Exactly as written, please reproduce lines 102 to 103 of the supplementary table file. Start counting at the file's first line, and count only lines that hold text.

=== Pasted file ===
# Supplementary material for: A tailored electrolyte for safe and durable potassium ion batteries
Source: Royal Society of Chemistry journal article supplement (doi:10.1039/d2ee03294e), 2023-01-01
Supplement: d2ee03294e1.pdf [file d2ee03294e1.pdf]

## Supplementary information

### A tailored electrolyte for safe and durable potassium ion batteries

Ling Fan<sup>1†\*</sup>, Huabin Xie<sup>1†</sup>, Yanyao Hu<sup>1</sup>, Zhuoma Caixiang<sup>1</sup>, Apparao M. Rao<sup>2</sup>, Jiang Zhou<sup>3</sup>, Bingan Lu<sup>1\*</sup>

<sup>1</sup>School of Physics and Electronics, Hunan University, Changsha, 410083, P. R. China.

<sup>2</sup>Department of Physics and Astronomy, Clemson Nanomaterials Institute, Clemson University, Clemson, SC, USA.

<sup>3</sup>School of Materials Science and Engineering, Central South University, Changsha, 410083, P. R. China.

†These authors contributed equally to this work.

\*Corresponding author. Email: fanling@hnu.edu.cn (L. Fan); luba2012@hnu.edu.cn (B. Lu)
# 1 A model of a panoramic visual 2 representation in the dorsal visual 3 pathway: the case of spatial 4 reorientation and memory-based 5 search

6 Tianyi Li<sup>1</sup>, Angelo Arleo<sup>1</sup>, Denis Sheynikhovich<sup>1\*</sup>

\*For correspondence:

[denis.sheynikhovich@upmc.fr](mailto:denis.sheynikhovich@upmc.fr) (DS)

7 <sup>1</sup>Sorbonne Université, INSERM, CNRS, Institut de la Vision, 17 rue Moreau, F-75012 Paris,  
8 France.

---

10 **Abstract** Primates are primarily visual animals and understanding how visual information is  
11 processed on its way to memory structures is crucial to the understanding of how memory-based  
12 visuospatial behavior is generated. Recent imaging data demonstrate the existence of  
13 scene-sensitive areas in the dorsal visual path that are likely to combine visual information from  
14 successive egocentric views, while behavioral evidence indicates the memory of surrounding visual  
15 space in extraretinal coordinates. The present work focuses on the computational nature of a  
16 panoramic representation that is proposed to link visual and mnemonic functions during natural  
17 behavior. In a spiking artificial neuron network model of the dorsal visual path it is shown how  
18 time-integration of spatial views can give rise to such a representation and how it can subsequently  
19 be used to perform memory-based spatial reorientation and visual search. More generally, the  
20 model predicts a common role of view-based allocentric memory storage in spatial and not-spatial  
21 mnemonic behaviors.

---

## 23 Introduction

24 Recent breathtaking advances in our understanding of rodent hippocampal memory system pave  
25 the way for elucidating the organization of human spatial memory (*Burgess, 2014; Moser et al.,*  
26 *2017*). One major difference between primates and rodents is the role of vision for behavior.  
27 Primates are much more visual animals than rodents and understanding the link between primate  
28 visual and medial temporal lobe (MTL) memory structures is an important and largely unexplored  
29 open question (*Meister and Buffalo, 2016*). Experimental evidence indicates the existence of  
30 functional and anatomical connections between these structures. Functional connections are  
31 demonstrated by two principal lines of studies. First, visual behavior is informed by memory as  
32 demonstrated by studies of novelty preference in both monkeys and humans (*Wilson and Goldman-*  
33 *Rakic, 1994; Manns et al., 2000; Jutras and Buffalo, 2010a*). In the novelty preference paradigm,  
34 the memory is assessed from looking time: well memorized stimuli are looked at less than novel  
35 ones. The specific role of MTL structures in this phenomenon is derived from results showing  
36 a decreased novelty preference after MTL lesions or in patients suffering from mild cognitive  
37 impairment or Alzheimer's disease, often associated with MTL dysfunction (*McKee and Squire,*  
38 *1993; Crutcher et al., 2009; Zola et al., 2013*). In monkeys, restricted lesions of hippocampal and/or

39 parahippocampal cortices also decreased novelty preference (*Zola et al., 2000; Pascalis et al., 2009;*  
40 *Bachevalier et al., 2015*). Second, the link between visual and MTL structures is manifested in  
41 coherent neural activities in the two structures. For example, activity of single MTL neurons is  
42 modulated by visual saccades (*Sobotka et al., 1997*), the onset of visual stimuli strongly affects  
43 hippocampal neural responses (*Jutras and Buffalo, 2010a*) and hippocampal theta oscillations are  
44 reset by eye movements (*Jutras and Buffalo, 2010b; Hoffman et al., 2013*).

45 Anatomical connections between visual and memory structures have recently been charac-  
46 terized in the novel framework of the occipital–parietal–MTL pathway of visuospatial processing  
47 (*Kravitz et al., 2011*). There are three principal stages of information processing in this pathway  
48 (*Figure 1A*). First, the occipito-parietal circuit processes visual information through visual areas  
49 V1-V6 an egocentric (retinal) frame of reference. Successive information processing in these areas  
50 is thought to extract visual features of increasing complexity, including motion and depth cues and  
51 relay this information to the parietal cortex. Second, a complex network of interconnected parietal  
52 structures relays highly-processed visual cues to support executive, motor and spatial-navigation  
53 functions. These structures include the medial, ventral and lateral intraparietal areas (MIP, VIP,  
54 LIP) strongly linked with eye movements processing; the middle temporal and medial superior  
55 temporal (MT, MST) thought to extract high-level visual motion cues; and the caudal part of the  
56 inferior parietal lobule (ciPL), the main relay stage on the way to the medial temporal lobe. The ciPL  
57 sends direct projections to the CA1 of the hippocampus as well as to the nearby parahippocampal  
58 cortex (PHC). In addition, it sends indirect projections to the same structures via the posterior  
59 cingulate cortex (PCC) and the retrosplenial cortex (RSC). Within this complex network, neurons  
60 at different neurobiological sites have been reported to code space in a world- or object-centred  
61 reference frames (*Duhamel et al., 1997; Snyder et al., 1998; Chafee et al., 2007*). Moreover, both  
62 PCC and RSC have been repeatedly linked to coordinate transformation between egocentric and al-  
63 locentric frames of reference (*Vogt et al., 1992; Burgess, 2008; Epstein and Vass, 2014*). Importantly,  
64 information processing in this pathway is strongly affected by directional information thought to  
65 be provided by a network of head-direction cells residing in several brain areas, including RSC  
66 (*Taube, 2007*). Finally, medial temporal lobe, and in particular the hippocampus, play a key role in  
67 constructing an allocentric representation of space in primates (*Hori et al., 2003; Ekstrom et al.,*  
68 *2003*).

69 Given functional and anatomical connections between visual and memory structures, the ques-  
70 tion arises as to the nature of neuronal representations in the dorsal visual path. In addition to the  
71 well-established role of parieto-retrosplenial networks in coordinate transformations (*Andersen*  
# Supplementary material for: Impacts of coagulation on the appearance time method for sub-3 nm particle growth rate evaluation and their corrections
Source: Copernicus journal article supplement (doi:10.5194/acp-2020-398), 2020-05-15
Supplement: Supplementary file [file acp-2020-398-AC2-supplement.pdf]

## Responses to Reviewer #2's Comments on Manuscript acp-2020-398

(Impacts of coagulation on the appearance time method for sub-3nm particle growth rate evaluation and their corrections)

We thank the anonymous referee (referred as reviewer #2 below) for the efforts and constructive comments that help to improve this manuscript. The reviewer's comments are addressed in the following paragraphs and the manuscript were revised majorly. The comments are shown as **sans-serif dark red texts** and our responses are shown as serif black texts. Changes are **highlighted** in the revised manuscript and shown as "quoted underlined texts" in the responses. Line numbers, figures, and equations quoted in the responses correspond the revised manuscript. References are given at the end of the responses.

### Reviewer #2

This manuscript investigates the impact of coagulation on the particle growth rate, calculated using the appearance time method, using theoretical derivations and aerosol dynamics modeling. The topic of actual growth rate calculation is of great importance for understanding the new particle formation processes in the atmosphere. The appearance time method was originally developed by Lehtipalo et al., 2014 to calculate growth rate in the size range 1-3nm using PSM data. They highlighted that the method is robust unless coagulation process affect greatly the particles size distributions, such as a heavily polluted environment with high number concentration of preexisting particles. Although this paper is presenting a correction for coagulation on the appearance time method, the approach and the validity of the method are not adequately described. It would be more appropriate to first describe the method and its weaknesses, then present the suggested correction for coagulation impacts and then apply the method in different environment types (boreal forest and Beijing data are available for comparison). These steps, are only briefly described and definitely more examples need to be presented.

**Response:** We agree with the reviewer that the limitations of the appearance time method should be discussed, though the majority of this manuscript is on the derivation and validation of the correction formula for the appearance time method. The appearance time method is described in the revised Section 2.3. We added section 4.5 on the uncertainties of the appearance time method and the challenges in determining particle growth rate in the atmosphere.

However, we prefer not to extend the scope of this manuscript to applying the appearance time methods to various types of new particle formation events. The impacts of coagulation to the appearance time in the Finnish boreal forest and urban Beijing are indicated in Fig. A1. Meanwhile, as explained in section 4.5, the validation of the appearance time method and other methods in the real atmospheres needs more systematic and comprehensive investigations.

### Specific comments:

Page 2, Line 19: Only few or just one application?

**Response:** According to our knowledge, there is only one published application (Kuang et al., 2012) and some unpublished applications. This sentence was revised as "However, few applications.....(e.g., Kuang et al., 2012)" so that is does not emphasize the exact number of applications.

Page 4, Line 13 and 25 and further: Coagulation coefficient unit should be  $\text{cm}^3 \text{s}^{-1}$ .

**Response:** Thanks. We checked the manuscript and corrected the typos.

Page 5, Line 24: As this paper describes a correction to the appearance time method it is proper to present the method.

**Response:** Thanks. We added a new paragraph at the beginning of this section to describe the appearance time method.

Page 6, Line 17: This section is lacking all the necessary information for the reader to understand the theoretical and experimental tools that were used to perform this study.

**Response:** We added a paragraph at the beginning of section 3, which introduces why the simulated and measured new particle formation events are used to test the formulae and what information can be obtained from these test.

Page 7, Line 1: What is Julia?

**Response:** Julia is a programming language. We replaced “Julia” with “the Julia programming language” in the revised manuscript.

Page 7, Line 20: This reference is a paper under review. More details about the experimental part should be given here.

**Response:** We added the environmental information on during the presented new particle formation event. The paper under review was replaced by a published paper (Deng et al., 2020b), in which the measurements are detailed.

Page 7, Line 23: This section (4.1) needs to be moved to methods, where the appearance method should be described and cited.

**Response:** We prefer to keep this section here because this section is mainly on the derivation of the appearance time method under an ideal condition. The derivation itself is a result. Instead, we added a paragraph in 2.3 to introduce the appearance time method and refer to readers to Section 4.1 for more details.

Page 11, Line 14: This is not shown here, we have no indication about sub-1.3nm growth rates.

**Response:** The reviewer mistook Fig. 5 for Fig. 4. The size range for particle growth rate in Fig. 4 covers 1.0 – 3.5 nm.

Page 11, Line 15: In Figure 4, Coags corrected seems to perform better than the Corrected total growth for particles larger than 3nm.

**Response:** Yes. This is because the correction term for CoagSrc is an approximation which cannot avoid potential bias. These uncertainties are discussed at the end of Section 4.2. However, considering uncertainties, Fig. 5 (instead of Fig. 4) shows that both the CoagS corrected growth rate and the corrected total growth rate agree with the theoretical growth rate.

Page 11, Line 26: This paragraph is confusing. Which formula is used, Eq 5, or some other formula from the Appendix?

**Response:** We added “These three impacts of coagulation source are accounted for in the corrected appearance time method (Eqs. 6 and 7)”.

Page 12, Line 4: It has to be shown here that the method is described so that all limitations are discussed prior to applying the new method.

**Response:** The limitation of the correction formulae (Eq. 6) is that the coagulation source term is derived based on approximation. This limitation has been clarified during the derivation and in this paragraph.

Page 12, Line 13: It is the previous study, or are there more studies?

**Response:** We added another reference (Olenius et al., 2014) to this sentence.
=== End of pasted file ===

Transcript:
Page 7, Line 20: This reference is a paper under review. More details about the experimental part should be given here.

**Response:** We added the environmental information on during the presented new particle formation event. The paper under review was replaced by a published paper (Deng et al., 2020b), in which the measurements are detailed.